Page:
Facility Maintenance Decisions

Roof Strategies: Repair, Recover or Replace?

By Dave Lubach, Associate Editor   Roofing

OTHER PARTS OF THIS ARTICLEPt. 1: This PagePt. 2: Roof Replacement Recommendations

Roof leaks do not always mean catastrophic problems if maintenance and engineering managers detect problems early — and that is the tricky part.

"It's sort of like if you have an illness," says Edis Oliver of Wiss, Janney, Elstner Associates Inc., an engineering consulting firm. "You want to have symptoms before it becomes really serious. So as soon as you start having some symptoms, you go to the doctor, and the doctor treats it so it doesn't get more serious.

"The same thing' true of a roof. You can have a serious problem with the roof, but not see the symptoms until it's too late."

Determining whether to repair, recover or replace a roof at institutional or commercial facilities is a difficult task for managers, who must evaluate factors such as a roof's condition, maintenance history, and life expectancy into their decisions.

Condition evaluation

When evaluating a roof's condition, one good first step is to conduct a detailed visual survey that includes core samples to understand the composition of the roof, from air to deck, and an evaluation of the leak history, Oliver says. The samples could mean the difference between a simple repair project and more significant issues.

"The first thing the owner needs to do is get a handle on the nature of the problems and what kind of problems there are," he says. "Are they endemic problems or systemic problems spread over a large area of the roof, or are they just specific, acute problems, like a leak penetration, something that can be fixed?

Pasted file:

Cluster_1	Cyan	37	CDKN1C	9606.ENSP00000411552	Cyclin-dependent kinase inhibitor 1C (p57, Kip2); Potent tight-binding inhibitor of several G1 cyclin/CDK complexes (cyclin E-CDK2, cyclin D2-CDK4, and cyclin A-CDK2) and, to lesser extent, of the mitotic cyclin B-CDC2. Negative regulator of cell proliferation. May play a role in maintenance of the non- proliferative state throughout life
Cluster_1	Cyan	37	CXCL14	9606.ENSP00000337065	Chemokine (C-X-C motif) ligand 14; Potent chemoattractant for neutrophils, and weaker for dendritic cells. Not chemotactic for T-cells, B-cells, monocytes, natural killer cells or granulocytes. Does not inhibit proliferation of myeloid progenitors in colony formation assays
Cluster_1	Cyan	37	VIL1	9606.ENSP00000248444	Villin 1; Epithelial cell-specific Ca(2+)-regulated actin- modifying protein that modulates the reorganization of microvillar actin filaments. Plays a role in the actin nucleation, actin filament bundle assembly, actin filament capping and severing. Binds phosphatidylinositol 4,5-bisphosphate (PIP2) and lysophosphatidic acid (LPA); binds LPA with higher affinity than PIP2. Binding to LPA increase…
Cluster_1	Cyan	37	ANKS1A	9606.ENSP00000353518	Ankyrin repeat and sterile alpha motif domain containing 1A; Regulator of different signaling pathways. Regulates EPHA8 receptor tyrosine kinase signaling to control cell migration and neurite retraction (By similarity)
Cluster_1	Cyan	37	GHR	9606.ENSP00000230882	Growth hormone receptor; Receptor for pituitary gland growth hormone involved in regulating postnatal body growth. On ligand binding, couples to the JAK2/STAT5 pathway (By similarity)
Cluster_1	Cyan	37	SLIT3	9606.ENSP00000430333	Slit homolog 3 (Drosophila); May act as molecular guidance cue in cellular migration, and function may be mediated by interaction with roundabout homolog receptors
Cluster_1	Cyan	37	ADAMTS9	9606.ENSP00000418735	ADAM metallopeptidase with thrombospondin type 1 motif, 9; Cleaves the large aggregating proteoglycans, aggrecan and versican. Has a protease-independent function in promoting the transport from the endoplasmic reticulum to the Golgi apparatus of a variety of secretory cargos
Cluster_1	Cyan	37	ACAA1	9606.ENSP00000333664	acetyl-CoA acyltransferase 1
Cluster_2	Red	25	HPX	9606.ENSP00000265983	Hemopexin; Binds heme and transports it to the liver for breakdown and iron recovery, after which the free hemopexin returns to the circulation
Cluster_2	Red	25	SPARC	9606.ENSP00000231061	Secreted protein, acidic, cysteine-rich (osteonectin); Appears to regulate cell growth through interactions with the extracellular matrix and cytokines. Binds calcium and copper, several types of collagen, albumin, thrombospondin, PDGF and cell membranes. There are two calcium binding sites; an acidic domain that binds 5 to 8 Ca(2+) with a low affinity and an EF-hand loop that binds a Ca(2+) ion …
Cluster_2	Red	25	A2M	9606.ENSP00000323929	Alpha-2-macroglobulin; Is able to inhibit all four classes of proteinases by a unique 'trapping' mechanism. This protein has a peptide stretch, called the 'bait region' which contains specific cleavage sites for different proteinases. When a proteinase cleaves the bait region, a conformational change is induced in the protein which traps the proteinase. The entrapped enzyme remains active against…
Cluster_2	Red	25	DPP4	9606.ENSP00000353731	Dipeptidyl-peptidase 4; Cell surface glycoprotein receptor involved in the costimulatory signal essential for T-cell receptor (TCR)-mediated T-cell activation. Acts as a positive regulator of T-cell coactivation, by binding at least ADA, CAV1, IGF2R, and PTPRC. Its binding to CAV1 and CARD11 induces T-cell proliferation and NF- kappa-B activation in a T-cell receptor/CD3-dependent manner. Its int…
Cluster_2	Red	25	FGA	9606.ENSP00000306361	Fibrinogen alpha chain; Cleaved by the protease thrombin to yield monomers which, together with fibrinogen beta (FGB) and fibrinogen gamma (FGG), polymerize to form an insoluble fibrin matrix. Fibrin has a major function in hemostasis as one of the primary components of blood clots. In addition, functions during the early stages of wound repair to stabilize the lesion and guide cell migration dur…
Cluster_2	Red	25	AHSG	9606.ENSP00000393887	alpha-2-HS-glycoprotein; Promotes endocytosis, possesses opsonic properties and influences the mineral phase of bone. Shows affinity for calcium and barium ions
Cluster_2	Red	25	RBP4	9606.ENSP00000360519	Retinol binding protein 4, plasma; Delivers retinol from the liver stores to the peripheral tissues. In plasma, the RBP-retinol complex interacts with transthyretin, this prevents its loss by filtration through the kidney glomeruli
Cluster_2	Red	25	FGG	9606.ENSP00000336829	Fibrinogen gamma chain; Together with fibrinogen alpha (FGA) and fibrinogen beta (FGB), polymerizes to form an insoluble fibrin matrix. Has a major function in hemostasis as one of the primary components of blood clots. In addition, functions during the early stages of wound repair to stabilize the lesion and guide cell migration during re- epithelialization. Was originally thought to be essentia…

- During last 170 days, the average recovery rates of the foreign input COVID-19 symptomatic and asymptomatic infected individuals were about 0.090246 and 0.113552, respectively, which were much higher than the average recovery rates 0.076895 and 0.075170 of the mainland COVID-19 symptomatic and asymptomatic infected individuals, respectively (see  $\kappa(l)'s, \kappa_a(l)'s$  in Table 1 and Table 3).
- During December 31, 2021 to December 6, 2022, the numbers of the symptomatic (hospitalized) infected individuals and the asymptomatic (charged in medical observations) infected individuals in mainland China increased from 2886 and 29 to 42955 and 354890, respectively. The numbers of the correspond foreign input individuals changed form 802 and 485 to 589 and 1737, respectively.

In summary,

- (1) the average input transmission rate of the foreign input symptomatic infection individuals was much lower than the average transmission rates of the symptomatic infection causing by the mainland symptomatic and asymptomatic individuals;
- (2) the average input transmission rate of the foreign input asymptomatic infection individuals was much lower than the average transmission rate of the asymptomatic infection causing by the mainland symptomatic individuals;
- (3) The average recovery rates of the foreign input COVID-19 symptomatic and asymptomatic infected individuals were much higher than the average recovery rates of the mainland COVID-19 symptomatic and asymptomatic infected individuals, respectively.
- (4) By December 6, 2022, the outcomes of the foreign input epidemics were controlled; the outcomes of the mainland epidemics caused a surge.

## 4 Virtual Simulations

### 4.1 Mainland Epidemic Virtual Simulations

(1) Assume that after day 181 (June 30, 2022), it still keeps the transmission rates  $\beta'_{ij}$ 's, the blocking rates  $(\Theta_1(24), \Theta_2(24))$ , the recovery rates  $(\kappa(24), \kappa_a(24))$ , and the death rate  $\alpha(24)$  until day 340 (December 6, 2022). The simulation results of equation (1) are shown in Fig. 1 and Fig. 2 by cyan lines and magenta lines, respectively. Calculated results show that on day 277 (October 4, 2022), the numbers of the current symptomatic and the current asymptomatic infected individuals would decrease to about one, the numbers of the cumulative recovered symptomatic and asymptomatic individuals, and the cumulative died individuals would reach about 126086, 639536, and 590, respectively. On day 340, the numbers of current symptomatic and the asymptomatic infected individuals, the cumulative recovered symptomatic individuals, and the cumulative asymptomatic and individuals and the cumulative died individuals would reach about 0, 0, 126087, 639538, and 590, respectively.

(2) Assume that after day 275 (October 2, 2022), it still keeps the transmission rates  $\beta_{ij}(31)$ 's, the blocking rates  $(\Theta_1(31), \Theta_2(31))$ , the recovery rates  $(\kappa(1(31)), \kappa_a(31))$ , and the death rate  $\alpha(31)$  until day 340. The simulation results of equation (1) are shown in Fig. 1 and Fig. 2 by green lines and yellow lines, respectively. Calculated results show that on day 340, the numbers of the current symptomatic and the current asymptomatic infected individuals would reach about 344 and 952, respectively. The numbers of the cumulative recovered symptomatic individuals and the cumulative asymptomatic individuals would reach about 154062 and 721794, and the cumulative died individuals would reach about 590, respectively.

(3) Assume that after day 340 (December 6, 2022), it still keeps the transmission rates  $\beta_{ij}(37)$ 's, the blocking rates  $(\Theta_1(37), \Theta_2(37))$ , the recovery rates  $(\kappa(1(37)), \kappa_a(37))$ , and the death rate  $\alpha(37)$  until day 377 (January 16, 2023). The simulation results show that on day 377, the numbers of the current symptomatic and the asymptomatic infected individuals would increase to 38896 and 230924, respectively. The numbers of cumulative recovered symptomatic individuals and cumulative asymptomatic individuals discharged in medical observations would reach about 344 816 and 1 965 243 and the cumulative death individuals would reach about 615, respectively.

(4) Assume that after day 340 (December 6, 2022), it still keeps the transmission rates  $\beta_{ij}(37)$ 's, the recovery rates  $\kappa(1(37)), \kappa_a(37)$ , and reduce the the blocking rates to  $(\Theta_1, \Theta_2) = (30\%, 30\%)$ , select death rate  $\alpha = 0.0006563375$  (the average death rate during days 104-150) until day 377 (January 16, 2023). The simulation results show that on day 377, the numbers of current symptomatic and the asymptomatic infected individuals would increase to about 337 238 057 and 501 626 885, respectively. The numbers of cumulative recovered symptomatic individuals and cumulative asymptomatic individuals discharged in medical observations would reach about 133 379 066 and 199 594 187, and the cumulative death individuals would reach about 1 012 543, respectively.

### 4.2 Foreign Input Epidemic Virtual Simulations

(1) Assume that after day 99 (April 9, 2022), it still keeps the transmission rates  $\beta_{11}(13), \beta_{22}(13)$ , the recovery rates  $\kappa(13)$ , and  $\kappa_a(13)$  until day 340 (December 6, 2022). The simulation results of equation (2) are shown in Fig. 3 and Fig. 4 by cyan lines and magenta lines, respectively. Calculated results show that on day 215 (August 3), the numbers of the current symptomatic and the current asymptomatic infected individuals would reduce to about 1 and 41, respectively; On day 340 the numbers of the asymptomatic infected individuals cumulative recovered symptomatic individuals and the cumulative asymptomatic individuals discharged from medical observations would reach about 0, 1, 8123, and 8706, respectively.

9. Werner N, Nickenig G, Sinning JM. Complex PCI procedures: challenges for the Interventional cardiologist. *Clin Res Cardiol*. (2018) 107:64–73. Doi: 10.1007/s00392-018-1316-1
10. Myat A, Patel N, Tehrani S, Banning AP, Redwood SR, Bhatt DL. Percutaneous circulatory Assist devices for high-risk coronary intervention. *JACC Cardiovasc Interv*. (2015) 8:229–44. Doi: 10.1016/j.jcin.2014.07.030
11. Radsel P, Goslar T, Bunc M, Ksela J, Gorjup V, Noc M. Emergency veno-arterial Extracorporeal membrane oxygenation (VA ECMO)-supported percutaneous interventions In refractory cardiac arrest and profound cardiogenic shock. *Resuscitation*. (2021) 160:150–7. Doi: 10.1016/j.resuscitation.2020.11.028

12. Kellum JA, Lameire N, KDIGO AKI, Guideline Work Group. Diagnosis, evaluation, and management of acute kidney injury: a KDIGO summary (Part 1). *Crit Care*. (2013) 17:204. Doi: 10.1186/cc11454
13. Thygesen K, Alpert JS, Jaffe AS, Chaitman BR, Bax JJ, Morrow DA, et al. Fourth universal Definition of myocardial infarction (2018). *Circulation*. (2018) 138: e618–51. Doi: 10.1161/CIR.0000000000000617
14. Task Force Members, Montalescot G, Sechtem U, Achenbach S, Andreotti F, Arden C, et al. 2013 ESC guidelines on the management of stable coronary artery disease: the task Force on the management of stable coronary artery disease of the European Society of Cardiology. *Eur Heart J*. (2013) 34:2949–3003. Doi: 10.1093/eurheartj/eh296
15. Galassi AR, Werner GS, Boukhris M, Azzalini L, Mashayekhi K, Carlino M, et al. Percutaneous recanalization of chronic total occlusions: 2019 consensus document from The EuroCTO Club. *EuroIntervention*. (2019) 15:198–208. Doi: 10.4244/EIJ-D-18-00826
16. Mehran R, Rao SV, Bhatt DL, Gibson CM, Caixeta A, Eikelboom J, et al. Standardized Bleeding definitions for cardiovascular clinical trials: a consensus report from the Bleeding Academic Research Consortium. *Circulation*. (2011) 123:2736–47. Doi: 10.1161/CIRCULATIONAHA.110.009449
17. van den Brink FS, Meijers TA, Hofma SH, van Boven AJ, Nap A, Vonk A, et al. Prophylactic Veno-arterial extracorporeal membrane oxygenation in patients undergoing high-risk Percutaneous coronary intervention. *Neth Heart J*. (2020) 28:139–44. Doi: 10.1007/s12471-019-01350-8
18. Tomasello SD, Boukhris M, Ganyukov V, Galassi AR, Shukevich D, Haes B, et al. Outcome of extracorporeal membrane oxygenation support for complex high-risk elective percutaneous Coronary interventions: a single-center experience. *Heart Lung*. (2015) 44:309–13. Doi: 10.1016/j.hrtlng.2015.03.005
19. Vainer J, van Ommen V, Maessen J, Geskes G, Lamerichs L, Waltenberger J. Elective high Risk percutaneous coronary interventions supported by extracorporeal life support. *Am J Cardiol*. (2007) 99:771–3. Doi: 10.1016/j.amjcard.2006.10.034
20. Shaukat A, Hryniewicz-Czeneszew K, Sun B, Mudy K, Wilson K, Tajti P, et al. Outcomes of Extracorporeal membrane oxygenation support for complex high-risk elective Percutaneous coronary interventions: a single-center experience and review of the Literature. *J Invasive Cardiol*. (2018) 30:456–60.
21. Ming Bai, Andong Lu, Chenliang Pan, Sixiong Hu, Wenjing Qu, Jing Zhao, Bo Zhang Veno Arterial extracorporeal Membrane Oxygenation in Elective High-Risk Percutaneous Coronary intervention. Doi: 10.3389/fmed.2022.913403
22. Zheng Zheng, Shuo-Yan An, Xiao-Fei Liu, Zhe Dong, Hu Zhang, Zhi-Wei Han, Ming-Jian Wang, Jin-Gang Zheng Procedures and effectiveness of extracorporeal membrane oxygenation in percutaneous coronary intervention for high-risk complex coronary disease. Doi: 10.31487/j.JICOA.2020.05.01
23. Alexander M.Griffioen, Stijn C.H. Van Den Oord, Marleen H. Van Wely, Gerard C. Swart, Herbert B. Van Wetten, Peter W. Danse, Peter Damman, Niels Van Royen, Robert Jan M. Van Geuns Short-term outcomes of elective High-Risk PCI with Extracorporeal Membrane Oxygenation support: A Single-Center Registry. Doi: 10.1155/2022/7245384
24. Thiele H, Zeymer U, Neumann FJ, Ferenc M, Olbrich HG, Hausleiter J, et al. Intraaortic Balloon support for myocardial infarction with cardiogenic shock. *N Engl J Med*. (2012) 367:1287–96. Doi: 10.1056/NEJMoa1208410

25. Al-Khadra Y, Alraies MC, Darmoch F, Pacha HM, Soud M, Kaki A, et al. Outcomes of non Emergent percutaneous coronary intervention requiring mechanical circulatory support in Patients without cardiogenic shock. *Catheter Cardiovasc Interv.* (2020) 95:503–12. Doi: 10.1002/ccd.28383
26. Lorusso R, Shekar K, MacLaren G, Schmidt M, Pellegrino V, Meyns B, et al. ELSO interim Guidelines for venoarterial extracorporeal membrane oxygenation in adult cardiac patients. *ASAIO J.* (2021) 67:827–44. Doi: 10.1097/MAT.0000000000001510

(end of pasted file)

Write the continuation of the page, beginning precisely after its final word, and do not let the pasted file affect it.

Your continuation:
"If they're having some leak problems and there is still three to four years of life in the roof and they have a 20-year warranty, obviously extending the life through repairs, particularly if you don't have to pay for the repairs, is a good way to do it," Oliver says.

If the warranty has expired, and the roof's damage is acute, managers then can move beyond repairs and consider recovering or replacing it.

"I would hesitate to spend more than 15 percent of the replacement cost on repairs to buy another five years," Oliver says. "If you can stay in that 10 to 15 percent range and buy another five years, that's probably a decent investment. If you're spending 25 to 30 percent to buy five more years, that's too much."

But relying on a warranty to cure everything that ails a roof is dangerous.

"The only thing manufacturing roof warranties cover is that they will repair leaks that occur during the term of the warranty, provided the leaks are not caused by one of about 15 things that are excluded," Oliver says. "An overreliance on roof warranties is one of the myths that are out there. Owners tend to think if they've got a 20-year warranty they are covered for 20 years. That's just not true."

Regular inspections — the National Roofing Contractors Association recommends twice a year, once after the hottest weather and once after the coldest weather and additional inspections after any major weather events — can help ensure that roofs maintain their effectiveness.

"I wish I could get all of my clients to do that (many inspections)," Oliver says. "I'm usually happy if I can get it done once a year."

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  posted on 5/5/2014   Article Use Policy

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